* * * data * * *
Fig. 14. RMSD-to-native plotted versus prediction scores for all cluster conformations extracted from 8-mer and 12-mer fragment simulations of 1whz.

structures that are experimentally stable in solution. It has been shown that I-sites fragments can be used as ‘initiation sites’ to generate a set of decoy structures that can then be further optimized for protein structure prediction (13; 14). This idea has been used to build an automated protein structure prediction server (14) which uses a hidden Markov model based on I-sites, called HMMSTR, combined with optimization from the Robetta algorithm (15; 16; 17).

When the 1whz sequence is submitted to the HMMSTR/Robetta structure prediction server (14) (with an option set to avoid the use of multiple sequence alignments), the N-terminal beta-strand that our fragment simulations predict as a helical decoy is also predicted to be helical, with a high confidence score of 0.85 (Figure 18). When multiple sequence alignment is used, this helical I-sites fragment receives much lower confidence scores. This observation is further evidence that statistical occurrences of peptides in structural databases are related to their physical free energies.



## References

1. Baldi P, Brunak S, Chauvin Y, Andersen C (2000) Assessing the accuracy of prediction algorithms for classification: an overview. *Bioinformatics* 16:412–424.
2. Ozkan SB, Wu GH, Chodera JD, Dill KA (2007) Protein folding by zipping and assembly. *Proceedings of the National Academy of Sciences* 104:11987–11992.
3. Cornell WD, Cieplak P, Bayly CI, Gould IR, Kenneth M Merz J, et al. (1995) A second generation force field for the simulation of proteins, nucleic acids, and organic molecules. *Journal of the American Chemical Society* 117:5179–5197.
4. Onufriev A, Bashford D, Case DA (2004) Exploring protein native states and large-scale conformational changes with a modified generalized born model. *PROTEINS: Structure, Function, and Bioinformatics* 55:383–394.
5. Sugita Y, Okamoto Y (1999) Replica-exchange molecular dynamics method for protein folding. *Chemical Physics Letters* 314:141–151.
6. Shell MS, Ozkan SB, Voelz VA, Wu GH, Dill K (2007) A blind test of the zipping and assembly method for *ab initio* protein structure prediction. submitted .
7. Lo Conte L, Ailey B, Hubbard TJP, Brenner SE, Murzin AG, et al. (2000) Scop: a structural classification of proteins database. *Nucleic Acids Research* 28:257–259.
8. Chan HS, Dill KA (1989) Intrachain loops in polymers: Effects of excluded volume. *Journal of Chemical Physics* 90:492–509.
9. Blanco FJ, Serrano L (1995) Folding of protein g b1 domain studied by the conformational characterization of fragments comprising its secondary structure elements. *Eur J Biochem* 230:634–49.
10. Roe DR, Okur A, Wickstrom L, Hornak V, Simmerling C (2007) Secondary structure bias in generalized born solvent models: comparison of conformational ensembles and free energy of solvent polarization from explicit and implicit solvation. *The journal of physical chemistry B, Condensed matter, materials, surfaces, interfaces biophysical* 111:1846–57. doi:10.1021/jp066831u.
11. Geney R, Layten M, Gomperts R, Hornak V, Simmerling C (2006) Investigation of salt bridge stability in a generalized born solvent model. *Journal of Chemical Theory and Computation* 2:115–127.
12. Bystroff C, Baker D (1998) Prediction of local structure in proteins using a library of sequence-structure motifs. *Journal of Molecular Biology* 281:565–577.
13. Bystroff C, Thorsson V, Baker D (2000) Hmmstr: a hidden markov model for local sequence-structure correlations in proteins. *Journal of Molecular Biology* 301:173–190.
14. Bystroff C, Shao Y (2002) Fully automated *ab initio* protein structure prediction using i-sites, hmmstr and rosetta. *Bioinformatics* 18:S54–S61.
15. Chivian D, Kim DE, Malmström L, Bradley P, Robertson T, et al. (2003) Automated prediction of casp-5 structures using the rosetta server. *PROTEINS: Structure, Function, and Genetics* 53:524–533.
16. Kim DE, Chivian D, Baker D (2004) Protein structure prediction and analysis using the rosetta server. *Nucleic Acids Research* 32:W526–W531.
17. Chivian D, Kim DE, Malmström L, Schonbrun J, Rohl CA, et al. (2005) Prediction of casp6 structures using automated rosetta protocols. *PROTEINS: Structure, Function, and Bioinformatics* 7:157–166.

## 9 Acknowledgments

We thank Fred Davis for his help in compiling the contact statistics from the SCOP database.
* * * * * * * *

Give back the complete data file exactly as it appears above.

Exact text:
Fig. 14. RMSD-to-native plotted versus prediction scores for all cluster conformations extracted from 8-mer and 12-mer fragment simulations of 1whz.

structures that are experimentally stable in solution. It has been shown that I-sites fragments can be used as ‘initiation sites’ to generate a set of decoy structures that can then be further optimized for protein structure prediction (13; 14). This idea has been used to build an automated protein structure prediction server (14) which uses a hidden Markov model based on I-sites, called HMMSTR, combined with optimization from the Robetta algorithm (15; 16; 17).

When the 1whz sequence is submitted to the HMMSTR/Robetta structure prediction server (14) (with an option set to avoid the use of multiple sequence alignments), the N-terminal beta-strand that our fragment simulations predict as a helical decoy is also predicted to be helical, with a high confidence score of 0.85 (Figure 18). When multiple sequence alignment is used, this helical I-sites fragment receives much lower confidence scores. This observation is further evidence that statistical occurrences of peptides in structural databases are related to their physical free energies.



## References

1. Baldi P, Brunak S, Chauvin Y, Andersen C (2000) Assessing the accuracy of prediction algorithms for classification: an overview. *Bioinformatics* 16:412–424.
2. Ozkan SB, Wu GH, Chodera JD, Dill KA (2007) Protein folding by zipping and assembly. *Proceedings of the National Academy of Sciences* 104:11987–11992.
3. Cornell WD, Cieplak P, Bayly CI, Gould IR, Kenneth M Merz J, et al. (1995) A second generation force field for the simulation of proteins, nucleic acids, and organic molecules. *Journal of the American Chemical Society* 117:5179–5197.
4. Onufriev A, Bashford D, Case DA (2004) Exploring protein native states and large-scale conformational changes with a modified generalized born model. *PROTEINS: Structure, Function, and Bioinformatics* 55:383–394.
5. Sugita Y, Okamoto Y (1999) Replica-exchange molecular dynamics method for protein folding. *Chemical Physics Letters* 314:141–151.
6. Shell MS, Ozkan SB, Voelz VA, Wu GH, Dill K (2007) A blind test of the zipping and assembly method for *ab initio* protein structure prediction. submitted .
7. Lo Conte L, Ailey B, Hubbard TJP, Brenner SE, Murzin AG, et al. (2000) Scop: a structural classification of proteins database. *Nucleic Acids Research* 28:257–259.
8. Chan HS, Dill KA (1989) Intrachain loops in polymers: Effects of excluded volume. *Journal of Chemical Physics* 90:492–509.
9. Blanco FJ, Serrano L (1995) Folding of protein g b1 domain studied by the conformational characterization of fragments comprising its secondary structure elements. *Eur J Biochem* 230:634–49.
10. Roe DR, Okur A, Wickstrom L, Hornak V, Simmerling C (2007) Secondary structure bias in generalized born solvent models: comparison of conformational ensembles and free energy of solvent polarization from explicit and implicit solvation. *The journal of physical chemistry B, Condensed matter, materials, surfaces, interfaces biophysical* 111:1846–57. doi:10.1021/jp066831u.
11. Geney R, Layten M, Gomperts R, Hornak V, Simmerling C (2006) Investigation of salt bridge stability in a generalized born solvent model. *Journal of Chemical Theory and Computation* 2:115–127.
12. Bystroff C, Baker D (1998) Prediction of local structure in proteins using a library of sequence-structure motifs. *Journal of Molecular Biology* 281:565–577.
13. Bystroff C, Thorsson V, Baker D (2000) Hmmstr: a hidden markov model for local sequence-structure correlations in proteins. *Journal of Molecular Biology* 301:173–190.
14. Bystroff C, Shao Y (2002) Fully automated *ab initio* protein structure prediction using i-sites, hmmstr and rosetta. *Bioinformatics* 18:S54–S61.
15. Chivian D, Kim DE, Malmström L, Bradley P, Robertson T, et al. (2003) Automated prediction of casp-5 structures using the rosetta server. *PROTEINS: Structure, Function, and Genetics* 53:524–533.
16. Kim DE, Chivian D, Baker D (2004) Protein structure prediction and analysis using the rosetta server. *Nucleic Acids Research* 32:W526–W531.
17. Chivian D, Kim DE, Malmström L, Schonbrun J, Rohl CA, et al. (2005) Prediction of casp6 structures using automated rosetta protocols. *PROTEINS: Structure, Function, and Bioinformatics* 7:157–166.

## 9 Acknowledgments

We thank Fred Davis for his help in compiling the contact statistics from the SCOP database.